Syndicates Might Keep New Jersey Sports Betting Handle Flourishing

Online betting in New York will bite into New Jersey's take, but is the threat overblown?
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A lot of hay has been made in recent months about how New Jersey’s tax coffers are going to be a bit lighter going forward now that New York’s online sportsbooks are up and running.

Since the dawn of legalized betting in the Garden State in June of 2018, the state has taken in over $165 million in tax dollars from the sportsbooks, and estimates — most notably from Eilers & Krejcik, a gaming research firm have had New Yorkers contributing between 20% and 25% of that number.

So it would seem, at first glance, the state is about to take a 20% to 25% haircut on tax revenue from sports betting, as New Yorkers can now forgo the PATH to Hoboken in order to get money down on the Giants. (Pro tip: Do not put money down on the Giants).

But what if it’s all a bit overblown, and what if New Jersey’s hit on handle, and thus, tax revenue, isn’t nearly as consequential as some are describing?

If that’s the case, the state will have the syndicates to thank.

At least that’s what one industry source with syndicate inside information thinks.

Isn’t that illegal?

But first, as one might wonder, aren’t gambling syndicates — especially ones with out-of-state bettors — illegal to the highest degree due to the ban on proxy betting?

The answer is kinda-sorta yes. Messenger betting is illegal in New Jersey. A person in New Jersey cannot place bets in their sportsbook accounts for another person, New Jersey resident or not. It’s against both state and federal law.

Additionally, the sportsbooks make it clear in their terms and conditions that it’s not cool. DraftKings, for example, disallows Colluding with any other individual(s) or engaging in any type of syndicate play.”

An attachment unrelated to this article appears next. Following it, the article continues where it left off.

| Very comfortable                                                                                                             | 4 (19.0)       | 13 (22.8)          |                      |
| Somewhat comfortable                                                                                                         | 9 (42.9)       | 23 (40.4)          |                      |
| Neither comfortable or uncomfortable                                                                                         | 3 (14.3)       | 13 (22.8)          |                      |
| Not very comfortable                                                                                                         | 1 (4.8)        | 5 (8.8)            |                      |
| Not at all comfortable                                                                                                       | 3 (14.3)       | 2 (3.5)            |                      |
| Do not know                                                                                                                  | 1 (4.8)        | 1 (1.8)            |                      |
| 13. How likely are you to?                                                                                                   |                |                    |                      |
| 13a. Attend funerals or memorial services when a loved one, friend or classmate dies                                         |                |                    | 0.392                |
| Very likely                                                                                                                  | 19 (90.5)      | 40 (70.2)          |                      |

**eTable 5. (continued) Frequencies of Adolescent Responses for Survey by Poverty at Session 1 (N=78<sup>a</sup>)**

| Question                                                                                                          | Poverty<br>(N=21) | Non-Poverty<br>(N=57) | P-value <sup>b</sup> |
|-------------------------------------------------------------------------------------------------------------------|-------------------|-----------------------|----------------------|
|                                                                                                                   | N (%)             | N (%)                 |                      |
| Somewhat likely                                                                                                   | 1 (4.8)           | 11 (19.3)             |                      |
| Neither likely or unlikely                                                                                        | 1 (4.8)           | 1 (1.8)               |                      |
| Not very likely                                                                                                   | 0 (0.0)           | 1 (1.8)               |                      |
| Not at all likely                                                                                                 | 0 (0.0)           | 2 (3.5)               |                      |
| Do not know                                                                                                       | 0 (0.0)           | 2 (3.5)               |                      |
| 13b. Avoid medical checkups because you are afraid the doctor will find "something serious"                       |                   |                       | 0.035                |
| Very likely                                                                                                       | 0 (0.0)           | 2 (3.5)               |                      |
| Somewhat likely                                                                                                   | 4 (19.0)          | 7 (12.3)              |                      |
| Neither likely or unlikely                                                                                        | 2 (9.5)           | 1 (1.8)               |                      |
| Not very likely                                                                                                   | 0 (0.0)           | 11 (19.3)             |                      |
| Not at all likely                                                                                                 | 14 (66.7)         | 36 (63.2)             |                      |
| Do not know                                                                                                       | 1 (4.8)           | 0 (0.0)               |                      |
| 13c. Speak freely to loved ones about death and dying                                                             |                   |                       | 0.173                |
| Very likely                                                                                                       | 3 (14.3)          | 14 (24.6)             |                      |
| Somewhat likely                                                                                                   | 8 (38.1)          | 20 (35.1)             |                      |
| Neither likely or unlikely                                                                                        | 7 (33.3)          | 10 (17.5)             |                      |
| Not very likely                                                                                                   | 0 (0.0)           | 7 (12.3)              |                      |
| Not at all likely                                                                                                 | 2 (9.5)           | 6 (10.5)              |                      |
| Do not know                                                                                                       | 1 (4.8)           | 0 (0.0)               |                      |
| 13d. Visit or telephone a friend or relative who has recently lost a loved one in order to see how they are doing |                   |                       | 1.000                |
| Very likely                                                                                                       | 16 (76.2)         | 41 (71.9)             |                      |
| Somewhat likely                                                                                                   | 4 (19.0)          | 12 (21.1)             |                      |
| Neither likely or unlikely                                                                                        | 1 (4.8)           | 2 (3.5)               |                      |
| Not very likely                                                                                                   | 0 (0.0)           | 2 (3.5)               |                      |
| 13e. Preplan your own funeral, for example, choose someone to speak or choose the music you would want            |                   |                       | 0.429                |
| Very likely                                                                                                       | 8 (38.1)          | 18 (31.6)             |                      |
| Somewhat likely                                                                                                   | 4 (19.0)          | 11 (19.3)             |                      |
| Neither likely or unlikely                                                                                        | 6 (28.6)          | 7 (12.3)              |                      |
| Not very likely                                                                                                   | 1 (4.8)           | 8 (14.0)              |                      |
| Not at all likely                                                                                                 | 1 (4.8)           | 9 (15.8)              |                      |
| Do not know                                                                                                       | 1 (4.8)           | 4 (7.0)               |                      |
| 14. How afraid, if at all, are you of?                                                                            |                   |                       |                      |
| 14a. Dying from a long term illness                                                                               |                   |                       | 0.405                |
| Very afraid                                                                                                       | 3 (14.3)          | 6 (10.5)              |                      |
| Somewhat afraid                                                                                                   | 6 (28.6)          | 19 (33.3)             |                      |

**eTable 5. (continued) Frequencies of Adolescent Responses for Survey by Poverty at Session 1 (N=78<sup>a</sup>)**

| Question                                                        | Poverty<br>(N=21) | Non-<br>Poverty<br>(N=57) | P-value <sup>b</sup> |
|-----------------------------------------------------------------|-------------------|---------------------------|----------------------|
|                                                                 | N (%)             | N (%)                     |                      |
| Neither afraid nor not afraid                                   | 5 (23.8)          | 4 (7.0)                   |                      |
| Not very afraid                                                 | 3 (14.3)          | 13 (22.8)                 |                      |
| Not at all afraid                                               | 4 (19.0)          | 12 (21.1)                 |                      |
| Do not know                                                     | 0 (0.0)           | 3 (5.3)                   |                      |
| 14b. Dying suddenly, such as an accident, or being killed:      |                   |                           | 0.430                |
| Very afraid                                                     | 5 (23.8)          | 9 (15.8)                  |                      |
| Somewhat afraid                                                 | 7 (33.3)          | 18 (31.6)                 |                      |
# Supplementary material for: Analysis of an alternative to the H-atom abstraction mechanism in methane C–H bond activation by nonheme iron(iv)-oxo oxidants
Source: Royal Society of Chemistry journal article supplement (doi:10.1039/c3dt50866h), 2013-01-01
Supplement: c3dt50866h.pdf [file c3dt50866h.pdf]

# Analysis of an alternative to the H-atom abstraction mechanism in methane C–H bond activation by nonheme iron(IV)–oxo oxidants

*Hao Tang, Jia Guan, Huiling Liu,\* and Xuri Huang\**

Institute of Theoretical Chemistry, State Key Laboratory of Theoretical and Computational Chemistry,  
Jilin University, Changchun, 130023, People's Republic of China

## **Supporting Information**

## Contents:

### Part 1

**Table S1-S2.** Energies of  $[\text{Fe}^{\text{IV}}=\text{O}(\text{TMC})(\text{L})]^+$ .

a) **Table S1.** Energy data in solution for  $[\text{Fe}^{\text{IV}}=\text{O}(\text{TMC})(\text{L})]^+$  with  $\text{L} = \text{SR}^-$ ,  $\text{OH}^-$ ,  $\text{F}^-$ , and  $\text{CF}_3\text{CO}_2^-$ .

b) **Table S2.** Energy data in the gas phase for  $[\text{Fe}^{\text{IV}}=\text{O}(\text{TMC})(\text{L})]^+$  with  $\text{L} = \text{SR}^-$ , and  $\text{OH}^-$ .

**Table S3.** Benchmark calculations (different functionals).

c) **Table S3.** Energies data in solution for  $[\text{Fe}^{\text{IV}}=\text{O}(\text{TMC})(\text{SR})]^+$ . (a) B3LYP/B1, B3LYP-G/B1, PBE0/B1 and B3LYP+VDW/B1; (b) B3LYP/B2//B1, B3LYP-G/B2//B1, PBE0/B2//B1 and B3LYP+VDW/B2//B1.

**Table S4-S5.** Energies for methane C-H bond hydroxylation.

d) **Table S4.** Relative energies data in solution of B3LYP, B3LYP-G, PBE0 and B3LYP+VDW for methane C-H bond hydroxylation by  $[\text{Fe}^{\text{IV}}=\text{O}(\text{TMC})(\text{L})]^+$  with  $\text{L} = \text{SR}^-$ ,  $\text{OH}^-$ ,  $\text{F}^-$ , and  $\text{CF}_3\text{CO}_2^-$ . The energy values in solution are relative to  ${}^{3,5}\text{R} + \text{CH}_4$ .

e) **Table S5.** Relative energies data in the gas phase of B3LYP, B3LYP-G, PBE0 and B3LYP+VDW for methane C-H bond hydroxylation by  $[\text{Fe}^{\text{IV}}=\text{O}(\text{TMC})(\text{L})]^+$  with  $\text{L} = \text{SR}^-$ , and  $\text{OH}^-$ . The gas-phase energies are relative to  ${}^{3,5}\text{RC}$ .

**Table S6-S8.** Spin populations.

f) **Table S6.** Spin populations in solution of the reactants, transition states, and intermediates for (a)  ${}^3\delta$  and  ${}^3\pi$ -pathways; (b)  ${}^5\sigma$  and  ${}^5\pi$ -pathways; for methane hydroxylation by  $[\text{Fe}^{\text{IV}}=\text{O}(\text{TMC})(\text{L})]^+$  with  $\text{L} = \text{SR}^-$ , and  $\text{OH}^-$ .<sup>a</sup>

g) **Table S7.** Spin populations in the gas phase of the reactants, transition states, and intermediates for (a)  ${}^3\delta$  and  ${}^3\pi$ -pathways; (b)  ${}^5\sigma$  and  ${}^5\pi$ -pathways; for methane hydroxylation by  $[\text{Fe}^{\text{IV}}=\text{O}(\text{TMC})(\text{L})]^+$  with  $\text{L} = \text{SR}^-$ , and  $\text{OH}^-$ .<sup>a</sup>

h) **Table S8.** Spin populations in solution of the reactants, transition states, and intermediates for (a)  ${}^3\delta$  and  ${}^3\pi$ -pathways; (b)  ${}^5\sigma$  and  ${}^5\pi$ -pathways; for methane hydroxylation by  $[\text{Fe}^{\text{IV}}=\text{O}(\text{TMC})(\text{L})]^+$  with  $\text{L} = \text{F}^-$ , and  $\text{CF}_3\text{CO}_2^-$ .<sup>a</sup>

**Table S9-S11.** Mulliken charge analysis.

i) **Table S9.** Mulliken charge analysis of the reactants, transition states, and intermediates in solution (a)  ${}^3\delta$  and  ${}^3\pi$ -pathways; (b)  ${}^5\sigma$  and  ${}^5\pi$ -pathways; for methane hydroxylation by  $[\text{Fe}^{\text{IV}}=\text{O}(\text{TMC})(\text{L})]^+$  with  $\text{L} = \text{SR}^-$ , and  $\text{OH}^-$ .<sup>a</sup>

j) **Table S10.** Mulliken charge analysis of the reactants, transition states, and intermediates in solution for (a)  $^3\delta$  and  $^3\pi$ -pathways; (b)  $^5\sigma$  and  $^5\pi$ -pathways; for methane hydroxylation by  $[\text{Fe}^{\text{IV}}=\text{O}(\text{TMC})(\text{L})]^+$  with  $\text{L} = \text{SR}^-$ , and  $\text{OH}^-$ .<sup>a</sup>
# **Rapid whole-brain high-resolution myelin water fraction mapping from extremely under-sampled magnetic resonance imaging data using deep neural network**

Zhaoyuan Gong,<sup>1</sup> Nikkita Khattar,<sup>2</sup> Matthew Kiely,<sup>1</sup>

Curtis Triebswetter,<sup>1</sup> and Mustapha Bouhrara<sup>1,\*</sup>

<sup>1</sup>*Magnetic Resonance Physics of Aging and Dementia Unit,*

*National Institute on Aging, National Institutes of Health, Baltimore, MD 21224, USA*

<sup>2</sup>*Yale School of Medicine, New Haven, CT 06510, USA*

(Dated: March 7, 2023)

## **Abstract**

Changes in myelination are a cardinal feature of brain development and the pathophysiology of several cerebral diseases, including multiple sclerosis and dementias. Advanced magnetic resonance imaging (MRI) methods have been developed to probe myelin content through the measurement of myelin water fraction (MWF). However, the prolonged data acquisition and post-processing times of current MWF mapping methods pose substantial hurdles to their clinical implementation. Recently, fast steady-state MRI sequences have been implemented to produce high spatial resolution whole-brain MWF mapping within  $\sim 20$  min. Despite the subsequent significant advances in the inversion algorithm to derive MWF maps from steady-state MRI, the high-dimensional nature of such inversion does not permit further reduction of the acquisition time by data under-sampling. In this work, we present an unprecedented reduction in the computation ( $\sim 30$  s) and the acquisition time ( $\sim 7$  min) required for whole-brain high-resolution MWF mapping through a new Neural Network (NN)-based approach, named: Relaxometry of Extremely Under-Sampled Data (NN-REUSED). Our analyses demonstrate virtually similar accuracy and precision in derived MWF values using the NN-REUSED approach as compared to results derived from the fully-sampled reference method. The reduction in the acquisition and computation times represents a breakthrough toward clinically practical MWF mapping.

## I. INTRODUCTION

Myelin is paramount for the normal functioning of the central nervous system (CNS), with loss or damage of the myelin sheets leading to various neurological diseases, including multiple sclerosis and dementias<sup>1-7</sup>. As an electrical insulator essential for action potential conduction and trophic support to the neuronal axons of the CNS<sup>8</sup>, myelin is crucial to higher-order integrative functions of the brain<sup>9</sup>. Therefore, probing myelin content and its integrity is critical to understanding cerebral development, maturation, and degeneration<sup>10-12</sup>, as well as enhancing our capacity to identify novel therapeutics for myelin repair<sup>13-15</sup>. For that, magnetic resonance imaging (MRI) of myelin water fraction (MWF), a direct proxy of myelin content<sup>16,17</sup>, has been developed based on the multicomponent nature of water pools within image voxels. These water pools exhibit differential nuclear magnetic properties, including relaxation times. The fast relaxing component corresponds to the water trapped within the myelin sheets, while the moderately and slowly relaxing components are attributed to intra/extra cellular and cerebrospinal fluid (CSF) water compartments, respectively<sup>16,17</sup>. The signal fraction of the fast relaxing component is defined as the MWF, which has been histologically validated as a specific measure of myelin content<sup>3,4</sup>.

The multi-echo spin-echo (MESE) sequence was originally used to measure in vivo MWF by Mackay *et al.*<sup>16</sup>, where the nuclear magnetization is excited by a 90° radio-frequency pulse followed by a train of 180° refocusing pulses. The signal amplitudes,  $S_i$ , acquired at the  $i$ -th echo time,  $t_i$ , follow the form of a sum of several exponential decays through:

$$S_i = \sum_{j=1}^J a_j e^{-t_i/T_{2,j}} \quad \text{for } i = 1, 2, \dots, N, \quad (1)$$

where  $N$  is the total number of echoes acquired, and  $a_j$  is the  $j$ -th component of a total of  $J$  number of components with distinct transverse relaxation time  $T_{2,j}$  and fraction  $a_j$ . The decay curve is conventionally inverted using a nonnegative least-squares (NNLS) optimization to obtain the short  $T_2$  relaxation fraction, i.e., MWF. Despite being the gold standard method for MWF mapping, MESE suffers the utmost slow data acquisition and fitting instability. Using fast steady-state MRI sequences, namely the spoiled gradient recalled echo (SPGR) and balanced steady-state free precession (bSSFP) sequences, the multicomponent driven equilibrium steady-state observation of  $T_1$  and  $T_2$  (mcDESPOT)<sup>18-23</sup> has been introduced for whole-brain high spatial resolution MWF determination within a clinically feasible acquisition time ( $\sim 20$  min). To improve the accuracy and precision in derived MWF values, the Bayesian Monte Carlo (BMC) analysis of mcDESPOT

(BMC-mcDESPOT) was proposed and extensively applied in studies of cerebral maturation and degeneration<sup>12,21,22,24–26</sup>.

But …

Per New Jersey regulations, messenger or proxy betting is illegal in New Jersey, but the enforcement and detection of messenger betting is the responsibility of the operator,” the syndicate source said. “The simple way around it is to have the bettor have skin in the game.”

Translation: Throw me a million dollars, and I’ll throw in a finster, and we’re theoretically kosher — as long as the sportsbooks don’t figure it out.

“It’s technically against the sports betting law, which is an amendment to the Casino Control Act, for a syndicate to work,” said Frank DiGiacomo, a partner at the Duane Morris law firm in Cherry Hill who specializes in the gaming sector. “But it doesn’t mean it’s not happening. The enforcement side of it is a different issue. If a sportsbook knew it was happening, they’d have to do something, shut down the account, or at least ask more questions.”

But one noted professional gambler sees a big difference between messenger betting and the reality of syndicates.

“Syndicates are just groups of people who combine their resources to bet as a group,” according to the professional gambler known as Capt. Jack Andrews. “Those resources may be combined knowledge or combined access to various accounts both regulated and unregulated. No different than if you and I were to join forces because you have a clean BetMGM account and I know some easy ways to beat them. Maybe I bring in a third guy who runs some fantastical regression analysis to make sure our betting is optimal. We’re a bit like a mini-hedge fund.